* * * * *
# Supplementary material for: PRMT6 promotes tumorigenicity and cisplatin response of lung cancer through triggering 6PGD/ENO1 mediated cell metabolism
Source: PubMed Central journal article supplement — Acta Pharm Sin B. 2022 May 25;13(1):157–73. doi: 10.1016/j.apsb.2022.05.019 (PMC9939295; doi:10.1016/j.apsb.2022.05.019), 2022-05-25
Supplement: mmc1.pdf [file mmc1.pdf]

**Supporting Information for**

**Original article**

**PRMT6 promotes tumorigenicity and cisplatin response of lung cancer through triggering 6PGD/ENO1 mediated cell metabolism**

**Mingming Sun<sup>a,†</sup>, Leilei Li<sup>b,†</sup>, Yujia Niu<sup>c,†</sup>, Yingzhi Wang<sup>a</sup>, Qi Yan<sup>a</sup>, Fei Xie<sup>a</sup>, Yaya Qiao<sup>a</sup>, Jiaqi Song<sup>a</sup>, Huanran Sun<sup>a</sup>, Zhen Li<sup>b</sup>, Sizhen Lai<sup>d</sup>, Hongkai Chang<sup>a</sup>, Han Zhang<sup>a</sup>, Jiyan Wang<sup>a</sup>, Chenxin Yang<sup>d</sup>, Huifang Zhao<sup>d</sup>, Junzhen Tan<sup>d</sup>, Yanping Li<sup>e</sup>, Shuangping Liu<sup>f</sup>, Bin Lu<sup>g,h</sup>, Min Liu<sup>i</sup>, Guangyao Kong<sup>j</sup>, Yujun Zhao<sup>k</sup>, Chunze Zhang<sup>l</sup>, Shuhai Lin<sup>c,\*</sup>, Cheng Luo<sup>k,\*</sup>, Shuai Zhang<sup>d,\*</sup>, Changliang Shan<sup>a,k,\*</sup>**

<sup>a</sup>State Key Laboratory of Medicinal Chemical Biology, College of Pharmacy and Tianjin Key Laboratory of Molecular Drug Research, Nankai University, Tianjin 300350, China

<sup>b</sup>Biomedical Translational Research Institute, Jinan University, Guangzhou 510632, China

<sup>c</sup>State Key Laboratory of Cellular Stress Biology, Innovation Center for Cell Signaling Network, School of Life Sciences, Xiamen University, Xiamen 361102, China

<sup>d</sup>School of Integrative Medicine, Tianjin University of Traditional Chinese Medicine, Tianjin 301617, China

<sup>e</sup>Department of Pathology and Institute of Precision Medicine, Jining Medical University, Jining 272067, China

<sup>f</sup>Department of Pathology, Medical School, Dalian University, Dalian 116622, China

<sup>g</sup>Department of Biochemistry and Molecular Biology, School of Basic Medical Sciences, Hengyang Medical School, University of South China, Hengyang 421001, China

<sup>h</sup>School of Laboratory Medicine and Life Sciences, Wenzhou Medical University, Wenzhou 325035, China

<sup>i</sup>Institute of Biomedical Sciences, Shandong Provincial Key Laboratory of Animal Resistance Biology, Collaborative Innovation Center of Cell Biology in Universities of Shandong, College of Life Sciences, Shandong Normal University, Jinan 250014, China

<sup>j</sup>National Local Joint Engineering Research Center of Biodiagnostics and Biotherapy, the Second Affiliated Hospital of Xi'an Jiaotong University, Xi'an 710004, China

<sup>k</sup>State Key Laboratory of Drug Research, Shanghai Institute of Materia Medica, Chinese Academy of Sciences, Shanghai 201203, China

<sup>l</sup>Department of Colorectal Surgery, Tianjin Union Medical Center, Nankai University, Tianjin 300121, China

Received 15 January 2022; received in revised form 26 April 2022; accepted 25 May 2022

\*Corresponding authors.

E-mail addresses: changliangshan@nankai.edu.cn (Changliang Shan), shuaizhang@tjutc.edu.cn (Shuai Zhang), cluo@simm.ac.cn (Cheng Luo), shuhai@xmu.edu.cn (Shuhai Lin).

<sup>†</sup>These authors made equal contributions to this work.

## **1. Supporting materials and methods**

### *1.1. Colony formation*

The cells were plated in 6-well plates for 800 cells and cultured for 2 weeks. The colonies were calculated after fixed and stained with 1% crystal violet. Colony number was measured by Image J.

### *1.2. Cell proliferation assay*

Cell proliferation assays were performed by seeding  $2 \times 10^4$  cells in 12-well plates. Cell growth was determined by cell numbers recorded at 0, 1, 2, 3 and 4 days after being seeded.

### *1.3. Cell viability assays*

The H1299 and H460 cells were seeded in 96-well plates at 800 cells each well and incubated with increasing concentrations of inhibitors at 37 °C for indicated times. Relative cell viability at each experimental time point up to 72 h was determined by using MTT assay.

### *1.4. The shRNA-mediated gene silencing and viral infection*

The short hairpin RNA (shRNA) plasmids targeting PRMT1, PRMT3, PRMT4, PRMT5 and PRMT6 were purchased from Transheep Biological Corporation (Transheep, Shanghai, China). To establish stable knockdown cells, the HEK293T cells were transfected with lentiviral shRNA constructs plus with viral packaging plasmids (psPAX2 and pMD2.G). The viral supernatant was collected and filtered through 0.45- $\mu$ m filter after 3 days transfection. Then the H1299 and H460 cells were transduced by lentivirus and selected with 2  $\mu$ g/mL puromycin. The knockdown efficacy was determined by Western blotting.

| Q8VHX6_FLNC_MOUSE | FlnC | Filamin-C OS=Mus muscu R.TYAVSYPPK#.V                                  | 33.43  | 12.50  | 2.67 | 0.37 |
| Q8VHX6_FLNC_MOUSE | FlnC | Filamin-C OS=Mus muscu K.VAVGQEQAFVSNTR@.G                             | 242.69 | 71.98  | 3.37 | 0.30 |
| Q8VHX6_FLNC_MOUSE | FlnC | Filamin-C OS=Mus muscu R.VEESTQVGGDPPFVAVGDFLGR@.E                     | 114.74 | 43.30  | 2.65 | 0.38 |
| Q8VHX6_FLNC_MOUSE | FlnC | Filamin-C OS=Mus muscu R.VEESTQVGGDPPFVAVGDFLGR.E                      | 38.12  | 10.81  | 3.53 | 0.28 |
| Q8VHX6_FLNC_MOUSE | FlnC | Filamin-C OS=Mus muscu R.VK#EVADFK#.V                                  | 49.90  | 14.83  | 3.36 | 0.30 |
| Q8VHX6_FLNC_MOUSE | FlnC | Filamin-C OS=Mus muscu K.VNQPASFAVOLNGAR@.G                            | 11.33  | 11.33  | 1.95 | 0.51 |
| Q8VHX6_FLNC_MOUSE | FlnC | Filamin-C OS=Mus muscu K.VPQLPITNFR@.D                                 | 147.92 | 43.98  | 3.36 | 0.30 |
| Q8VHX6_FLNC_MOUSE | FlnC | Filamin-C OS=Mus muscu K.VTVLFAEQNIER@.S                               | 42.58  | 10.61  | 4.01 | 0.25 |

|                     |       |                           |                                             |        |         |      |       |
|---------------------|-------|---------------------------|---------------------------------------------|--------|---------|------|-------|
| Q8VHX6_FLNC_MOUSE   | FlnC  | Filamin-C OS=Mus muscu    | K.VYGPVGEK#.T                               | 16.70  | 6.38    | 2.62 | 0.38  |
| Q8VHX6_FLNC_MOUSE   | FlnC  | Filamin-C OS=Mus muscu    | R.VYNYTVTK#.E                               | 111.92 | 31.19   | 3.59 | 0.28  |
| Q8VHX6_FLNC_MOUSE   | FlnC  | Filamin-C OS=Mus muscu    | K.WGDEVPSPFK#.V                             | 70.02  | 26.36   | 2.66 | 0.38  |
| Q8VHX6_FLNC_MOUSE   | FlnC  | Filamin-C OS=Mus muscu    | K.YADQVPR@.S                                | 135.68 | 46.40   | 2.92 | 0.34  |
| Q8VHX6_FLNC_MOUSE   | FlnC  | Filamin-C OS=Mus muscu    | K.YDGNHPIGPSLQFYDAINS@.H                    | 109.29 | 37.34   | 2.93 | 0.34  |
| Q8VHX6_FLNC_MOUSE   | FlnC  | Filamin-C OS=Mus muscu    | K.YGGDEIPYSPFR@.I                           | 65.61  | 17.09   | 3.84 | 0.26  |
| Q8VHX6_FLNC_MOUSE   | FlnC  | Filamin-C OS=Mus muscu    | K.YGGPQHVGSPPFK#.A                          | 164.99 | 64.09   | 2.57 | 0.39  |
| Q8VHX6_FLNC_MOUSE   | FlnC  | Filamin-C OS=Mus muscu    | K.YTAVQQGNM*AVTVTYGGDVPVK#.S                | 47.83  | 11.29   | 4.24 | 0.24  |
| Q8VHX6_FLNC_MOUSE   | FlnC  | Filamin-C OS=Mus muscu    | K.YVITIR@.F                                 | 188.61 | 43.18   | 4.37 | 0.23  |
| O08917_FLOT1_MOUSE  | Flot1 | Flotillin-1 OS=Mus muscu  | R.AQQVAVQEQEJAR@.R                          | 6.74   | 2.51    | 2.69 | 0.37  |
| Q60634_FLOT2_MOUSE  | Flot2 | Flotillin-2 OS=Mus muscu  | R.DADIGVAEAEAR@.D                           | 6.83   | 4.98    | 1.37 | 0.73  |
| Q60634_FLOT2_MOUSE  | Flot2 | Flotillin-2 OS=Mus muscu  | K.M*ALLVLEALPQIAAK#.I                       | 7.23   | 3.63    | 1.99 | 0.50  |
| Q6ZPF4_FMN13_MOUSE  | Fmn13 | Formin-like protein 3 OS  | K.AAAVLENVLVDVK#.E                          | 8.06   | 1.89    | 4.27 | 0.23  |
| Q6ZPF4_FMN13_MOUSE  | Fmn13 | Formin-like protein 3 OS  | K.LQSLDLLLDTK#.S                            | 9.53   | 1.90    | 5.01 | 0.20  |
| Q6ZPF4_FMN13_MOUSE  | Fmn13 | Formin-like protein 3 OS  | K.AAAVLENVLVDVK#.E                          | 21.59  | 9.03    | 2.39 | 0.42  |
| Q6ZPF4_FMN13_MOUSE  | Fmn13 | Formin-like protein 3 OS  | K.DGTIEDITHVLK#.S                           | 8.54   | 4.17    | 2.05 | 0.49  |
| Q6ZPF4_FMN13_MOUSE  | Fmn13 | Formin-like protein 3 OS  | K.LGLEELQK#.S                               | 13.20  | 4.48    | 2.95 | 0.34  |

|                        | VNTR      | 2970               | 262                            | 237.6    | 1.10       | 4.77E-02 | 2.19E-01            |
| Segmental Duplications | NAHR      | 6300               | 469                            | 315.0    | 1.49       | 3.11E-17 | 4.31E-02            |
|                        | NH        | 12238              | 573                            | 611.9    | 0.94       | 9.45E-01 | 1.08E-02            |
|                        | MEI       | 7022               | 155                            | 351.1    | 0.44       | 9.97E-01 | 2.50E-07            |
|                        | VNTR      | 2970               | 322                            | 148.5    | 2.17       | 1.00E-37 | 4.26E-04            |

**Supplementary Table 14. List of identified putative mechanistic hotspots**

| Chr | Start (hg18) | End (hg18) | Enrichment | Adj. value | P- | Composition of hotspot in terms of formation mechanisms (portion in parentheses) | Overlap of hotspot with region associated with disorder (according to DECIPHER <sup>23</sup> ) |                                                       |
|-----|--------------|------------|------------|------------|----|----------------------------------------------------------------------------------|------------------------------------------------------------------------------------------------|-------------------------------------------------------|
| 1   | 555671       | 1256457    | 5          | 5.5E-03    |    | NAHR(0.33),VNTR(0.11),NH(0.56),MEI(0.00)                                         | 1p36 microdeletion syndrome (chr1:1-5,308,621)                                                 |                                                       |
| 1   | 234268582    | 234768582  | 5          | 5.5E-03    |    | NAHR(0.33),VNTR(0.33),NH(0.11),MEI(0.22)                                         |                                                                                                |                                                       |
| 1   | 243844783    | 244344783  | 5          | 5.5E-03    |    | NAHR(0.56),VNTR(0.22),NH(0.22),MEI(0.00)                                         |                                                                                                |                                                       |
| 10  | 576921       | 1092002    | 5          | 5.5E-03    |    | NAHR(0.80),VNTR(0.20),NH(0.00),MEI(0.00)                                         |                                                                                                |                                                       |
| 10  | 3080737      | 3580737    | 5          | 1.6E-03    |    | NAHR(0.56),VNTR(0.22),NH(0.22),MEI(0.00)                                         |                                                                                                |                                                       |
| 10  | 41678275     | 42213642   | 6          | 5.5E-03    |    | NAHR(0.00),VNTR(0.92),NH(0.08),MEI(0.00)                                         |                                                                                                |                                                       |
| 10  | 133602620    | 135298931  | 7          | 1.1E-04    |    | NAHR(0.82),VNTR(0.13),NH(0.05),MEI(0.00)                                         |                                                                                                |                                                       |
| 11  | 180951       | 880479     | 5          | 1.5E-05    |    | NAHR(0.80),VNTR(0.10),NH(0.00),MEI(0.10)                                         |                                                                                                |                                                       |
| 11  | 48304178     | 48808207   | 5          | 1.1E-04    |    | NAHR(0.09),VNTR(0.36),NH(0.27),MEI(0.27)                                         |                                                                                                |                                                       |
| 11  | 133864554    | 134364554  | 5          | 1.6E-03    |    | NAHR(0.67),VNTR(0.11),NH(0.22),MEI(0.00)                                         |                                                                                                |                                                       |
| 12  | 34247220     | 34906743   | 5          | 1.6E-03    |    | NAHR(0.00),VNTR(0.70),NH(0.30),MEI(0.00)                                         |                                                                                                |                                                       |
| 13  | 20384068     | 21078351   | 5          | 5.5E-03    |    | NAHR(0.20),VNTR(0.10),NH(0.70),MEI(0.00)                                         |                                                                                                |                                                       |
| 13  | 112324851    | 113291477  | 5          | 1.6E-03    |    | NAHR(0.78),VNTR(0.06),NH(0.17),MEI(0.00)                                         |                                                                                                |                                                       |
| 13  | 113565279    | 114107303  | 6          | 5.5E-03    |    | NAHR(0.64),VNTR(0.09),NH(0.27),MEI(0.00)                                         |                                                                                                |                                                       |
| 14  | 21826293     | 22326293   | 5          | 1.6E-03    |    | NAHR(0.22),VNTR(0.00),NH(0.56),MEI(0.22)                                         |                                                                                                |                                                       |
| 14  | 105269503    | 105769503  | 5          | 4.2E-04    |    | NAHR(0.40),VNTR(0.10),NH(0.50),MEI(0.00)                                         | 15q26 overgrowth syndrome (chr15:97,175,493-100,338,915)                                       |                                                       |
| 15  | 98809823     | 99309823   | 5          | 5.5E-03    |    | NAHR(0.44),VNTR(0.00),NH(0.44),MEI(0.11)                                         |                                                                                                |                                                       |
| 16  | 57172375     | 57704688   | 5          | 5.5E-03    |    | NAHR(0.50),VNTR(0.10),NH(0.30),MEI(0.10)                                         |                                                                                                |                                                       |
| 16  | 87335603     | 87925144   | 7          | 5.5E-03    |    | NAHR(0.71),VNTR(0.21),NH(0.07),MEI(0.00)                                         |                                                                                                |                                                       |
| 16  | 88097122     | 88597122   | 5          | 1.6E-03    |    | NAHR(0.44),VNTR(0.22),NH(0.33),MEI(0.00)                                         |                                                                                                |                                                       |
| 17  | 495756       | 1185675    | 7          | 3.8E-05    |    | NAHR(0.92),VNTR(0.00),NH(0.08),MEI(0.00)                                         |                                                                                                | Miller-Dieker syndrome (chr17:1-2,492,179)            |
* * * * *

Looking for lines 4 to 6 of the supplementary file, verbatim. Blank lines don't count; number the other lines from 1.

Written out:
**Supporting Information for**

**Original article**

**PRMT6 promotes tumorigenicity and cisplatin response of lung cancer through triggering 6PGD/ENO1 mediated cell metabolism**